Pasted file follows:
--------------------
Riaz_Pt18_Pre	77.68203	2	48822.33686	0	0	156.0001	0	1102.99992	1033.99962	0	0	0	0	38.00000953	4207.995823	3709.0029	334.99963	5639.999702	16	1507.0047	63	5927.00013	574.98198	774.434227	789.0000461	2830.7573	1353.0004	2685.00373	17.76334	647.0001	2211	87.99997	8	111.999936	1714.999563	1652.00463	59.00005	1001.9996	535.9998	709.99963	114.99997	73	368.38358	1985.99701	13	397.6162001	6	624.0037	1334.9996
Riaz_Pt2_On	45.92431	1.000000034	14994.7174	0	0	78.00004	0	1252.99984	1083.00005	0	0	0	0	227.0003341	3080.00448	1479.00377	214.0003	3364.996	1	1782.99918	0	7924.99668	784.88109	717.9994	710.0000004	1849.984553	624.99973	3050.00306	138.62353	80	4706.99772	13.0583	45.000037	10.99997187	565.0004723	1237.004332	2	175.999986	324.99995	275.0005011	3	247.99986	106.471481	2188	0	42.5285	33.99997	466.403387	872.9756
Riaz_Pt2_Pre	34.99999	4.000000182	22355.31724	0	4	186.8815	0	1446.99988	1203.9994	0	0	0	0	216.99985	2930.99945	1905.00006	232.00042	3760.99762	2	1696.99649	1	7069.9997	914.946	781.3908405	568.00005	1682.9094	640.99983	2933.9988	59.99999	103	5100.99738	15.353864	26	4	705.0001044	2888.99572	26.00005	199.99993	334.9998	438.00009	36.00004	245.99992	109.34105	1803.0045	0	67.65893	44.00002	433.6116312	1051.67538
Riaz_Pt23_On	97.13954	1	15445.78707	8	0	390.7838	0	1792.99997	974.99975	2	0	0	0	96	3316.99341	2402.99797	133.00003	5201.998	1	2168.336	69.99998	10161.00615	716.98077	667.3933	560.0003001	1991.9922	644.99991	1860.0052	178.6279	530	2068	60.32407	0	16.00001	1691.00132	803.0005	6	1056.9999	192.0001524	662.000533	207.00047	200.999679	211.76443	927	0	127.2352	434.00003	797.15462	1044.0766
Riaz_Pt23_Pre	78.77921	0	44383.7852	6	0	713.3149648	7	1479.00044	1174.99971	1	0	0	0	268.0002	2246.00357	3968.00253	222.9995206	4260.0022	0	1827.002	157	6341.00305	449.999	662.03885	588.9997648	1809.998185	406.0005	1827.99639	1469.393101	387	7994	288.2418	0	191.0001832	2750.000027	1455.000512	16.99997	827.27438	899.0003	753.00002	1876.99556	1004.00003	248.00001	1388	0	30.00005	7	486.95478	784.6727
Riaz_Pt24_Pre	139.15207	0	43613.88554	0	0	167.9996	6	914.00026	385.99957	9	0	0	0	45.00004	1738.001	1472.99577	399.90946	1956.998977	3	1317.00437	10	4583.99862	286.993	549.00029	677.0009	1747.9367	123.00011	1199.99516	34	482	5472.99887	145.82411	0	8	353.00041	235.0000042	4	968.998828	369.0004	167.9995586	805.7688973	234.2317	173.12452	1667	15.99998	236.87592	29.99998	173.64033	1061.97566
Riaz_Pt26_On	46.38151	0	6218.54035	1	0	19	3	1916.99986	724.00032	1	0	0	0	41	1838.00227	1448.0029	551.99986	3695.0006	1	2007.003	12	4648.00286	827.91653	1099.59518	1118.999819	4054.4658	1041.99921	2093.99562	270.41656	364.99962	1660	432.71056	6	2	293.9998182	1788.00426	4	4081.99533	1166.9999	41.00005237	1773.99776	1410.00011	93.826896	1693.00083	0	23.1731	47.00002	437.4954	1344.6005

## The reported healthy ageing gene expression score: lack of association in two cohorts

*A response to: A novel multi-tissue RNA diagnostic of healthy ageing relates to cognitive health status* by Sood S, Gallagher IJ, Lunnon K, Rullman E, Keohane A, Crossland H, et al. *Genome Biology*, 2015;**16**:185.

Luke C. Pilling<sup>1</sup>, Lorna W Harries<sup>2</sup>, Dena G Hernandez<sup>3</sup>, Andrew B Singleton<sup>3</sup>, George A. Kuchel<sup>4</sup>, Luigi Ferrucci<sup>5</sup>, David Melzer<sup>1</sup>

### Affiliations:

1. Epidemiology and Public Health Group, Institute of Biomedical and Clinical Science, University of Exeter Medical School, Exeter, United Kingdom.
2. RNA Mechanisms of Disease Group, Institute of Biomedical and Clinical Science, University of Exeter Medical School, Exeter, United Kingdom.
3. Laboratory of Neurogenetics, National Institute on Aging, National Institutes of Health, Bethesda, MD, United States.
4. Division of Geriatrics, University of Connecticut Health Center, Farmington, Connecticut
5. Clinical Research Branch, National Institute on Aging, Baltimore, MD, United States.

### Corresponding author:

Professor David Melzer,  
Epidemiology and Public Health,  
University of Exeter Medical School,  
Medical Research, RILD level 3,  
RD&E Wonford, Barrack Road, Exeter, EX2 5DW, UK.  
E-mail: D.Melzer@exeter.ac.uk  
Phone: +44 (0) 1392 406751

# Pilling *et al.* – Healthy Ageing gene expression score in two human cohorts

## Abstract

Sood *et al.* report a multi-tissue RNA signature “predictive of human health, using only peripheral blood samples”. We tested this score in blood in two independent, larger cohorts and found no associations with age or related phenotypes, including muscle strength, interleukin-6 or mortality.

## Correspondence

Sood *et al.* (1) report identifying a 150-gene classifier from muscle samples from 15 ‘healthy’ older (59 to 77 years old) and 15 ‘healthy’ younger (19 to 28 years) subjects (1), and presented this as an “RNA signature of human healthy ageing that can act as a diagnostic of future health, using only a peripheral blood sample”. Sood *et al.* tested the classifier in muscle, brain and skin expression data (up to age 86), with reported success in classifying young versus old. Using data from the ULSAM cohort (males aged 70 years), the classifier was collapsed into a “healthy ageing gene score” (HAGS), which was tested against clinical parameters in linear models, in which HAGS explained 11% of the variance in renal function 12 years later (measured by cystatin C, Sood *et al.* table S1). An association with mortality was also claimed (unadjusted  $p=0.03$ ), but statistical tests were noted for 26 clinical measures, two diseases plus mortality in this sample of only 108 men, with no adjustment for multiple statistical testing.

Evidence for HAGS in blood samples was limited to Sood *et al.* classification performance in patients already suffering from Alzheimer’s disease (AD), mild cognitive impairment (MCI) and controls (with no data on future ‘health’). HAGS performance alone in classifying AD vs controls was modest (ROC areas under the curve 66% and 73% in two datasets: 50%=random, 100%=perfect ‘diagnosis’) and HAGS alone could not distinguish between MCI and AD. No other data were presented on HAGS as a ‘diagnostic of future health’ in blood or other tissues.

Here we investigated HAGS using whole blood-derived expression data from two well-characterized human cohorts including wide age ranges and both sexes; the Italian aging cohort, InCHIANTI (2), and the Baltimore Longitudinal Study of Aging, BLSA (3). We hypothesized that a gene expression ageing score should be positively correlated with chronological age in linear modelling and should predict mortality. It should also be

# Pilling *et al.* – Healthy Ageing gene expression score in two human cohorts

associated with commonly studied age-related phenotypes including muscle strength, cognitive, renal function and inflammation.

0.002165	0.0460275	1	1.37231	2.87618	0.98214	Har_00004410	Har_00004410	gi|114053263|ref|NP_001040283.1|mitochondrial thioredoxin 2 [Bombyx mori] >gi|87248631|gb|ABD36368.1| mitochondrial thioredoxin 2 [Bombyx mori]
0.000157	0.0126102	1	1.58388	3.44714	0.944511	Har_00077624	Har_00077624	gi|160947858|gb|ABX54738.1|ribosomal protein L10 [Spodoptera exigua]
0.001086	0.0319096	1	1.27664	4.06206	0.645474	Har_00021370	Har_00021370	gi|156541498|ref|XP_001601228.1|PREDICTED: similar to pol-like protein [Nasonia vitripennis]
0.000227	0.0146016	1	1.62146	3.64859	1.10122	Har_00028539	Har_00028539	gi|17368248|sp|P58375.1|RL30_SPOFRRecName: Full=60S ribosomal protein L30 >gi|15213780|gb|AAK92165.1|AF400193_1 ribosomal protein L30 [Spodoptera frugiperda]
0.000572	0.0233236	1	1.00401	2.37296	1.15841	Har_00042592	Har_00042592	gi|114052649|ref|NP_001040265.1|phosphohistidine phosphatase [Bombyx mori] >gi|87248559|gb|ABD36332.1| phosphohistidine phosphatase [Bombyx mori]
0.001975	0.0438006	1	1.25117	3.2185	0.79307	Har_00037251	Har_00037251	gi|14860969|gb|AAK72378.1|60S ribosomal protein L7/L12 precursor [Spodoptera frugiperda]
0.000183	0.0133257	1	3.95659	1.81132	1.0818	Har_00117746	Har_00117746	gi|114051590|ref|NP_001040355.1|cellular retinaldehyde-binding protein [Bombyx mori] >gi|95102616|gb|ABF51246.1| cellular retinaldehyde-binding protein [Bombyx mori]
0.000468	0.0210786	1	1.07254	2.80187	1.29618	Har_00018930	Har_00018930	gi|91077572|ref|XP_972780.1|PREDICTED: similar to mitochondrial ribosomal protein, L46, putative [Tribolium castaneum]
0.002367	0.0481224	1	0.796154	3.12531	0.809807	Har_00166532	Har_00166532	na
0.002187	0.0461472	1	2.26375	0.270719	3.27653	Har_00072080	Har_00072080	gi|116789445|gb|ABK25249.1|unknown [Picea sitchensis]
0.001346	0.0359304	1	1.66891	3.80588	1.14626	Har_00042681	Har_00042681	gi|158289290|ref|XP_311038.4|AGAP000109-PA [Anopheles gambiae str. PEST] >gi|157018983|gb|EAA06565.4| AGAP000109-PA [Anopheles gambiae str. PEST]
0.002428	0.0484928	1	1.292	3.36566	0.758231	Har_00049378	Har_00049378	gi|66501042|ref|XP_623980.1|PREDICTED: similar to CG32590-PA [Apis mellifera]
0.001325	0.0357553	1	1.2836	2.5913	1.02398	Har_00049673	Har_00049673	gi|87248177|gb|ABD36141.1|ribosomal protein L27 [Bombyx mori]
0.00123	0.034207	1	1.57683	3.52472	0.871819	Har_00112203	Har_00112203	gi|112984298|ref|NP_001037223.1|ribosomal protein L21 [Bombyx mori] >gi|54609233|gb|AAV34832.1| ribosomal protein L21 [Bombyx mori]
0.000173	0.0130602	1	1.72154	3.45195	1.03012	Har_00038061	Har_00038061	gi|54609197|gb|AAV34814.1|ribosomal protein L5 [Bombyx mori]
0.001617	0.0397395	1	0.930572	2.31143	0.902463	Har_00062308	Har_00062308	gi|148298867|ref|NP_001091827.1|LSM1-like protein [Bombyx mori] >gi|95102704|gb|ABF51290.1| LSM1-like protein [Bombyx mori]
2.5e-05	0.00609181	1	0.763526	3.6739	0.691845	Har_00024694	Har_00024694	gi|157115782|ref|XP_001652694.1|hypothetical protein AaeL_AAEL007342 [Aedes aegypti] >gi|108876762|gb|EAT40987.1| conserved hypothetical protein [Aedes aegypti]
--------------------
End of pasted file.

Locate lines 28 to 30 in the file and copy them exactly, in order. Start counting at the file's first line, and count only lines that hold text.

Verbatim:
## Correspondence

Sood *et al.* (1) report identifying a 150-gene classifier from muscle samples from 15 ‘healthy’ older (59 to 77 years old) and 15 ‘healthy’ younger (19 to 28 years) subjects (1), and presented this as an “RNA signature of human healthy ageing that can act as a diagnostic of future health, using only a peripheral blood sample”. Sood *et al.* tested the classifier in muscle, brain and skin expression data (up to age 86), with reported success in classifying young versus old. Using data from the ULSAM cohort (males aged 70 years), the classifier was collapsed into a “healthy ageing gene score” (HAGS), which was tested against clinical parameters in linear models, in which HAGS explained 11% of the variance in renal function 12 years later (measured by cystatin C, Sood *et al.* table S1). An association with mortality was also claimed (unadjusted  $p=0.03$ ), but statistical tests were noted for 26 clinical measures, two diseases plus mortality in this sample of only 108 men, with no adjustment for multiple statistical testing.

Evidence for HAGS in blood samples was limited to Sood *et al.* classification performance in patients already suffering from Alzheimer’s disease (AD), mild cognitive impairment (MCI) and controls (with no data on future ‘health’). HAGS performance alone in classifying AD vs controls was modest (ROC areas under the curve 66% and 73% in two datasets: 50%=random, 100%=perfect ‘diagnosis’) and HAGS alone could not distinguish between MCI and AD. No other data were presented on HAGS as a ‘diagnostic of future health’ in blood or other tissues.